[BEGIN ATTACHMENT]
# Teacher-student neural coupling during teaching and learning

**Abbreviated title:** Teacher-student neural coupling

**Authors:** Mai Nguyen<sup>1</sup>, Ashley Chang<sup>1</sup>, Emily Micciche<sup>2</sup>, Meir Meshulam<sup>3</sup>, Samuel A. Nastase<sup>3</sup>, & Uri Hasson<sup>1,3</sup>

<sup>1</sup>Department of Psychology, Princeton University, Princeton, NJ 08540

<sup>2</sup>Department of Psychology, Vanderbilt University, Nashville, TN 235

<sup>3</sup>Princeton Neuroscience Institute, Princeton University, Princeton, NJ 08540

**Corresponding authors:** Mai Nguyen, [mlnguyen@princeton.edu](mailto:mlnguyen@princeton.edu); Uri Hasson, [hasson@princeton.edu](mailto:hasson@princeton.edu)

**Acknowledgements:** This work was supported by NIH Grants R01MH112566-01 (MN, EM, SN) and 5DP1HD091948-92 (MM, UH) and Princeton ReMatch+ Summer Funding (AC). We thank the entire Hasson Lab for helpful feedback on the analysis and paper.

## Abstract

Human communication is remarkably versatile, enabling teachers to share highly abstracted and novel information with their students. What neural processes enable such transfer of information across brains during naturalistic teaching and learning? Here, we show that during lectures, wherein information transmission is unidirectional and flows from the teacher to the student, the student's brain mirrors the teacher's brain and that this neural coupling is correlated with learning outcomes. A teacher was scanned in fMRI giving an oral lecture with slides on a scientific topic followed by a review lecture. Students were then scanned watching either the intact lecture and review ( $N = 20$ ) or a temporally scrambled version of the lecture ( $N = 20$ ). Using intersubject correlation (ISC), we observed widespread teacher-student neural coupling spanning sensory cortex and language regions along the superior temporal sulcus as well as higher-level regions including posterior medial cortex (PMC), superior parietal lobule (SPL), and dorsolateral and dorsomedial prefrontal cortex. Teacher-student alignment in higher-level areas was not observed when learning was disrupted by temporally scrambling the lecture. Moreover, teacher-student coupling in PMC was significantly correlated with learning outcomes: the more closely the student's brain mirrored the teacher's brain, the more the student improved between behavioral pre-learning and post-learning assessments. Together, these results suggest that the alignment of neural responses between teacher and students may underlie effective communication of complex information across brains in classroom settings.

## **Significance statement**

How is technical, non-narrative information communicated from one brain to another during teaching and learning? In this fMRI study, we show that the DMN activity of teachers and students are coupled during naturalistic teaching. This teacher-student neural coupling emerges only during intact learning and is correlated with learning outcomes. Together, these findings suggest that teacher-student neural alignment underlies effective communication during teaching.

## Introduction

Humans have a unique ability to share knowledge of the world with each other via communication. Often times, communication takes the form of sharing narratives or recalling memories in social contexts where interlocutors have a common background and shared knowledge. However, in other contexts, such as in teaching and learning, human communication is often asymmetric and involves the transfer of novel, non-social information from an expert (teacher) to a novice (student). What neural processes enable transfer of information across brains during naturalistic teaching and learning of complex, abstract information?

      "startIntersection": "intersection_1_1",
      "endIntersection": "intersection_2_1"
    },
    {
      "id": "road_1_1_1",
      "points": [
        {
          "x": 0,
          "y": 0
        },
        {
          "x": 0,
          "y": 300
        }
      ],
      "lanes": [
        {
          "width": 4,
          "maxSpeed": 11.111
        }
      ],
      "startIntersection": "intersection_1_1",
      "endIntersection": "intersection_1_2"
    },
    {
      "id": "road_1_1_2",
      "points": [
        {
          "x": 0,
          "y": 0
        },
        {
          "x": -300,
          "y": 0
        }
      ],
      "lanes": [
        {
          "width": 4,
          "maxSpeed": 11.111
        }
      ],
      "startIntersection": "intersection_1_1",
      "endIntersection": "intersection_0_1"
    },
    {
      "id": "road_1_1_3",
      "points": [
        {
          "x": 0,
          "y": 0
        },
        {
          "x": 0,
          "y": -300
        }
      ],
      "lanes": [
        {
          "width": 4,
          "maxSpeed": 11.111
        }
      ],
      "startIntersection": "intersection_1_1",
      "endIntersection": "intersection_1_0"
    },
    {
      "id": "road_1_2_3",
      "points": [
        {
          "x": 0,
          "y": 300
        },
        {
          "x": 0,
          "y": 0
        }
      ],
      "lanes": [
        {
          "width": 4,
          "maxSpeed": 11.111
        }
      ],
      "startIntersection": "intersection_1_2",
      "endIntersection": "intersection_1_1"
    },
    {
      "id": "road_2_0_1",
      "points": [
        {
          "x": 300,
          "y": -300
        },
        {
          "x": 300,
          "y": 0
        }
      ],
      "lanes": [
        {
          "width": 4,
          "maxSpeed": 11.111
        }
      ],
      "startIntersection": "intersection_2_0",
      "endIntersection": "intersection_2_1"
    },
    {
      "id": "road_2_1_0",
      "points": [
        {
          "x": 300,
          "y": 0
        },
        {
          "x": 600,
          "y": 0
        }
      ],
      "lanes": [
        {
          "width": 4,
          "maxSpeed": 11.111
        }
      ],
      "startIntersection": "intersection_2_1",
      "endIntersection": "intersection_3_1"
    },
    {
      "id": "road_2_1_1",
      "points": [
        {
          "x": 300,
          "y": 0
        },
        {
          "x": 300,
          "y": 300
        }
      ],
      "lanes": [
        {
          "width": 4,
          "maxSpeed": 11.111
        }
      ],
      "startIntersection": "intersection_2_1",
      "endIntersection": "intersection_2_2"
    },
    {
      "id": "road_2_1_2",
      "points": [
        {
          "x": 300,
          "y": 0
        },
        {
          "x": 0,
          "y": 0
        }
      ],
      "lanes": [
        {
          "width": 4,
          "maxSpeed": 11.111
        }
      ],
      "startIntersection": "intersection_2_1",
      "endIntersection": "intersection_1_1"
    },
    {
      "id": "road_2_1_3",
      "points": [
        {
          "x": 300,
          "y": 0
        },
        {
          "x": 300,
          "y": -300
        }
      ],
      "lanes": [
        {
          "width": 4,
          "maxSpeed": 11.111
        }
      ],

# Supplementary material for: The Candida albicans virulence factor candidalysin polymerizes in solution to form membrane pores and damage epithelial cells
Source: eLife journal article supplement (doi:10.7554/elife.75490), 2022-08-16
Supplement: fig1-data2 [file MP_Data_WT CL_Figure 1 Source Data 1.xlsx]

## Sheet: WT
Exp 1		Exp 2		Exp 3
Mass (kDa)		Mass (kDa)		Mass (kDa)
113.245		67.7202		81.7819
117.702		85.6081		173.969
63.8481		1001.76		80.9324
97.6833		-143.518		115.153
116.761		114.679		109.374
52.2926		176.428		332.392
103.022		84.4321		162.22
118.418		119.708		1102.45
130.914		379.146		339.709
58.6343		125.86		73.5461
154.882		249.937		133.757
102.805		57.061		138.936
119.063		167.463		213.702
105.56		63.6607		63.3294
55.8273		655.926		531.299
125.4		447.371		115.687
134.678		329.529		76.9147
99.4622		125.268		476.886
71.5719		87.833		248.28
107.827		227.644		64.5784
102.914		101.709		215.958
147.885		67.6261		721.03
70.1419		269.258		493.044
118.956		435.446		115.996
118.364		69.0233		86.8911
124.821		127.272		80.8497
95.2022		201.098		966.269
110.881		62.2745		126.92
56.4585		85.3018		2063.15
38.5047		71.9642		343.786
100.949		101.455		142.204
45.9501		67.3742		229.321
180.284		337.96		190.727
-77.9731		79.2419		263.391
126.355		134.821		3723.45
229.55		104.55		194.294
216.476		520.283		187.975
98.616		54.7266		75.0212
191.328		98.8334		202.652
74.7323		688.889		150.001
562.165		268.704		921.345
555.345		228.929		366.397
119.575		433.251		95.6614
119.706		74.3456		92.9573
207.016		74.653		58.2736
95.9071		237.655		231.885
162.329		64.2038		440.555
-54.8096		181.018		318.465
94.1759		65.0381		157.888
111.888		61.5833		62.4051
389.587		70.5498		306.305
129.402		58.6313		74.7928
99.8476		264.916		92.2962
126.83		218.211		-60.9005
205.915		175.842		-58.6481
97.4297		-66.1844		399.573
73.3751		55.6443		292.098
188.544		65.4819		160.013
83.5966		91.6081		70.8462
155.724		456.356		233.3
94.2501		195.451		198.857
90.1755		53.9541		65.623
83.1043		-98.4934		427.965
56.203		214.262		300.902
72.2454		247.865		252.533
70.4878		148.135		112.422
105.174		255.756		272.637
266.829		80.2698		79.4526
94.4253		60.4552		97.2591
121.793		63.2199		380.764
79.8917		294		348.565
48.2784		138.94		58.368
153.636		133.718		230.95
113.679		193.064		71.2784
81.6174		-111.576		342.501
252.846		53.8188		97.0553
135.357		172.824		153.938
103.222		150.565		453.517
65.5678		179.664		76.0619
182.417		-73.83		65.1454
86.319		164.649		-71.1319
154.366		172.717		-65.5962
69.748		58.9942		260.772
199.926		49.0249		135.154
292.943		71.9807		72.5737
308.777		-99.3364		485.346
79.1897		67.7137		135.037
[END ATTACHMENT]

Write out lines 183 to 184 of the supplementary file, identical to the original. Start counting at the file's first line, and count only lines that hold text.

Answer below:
      "startIntersection": "intersection_2_1",
      "endIntersection": "intersection_1_1"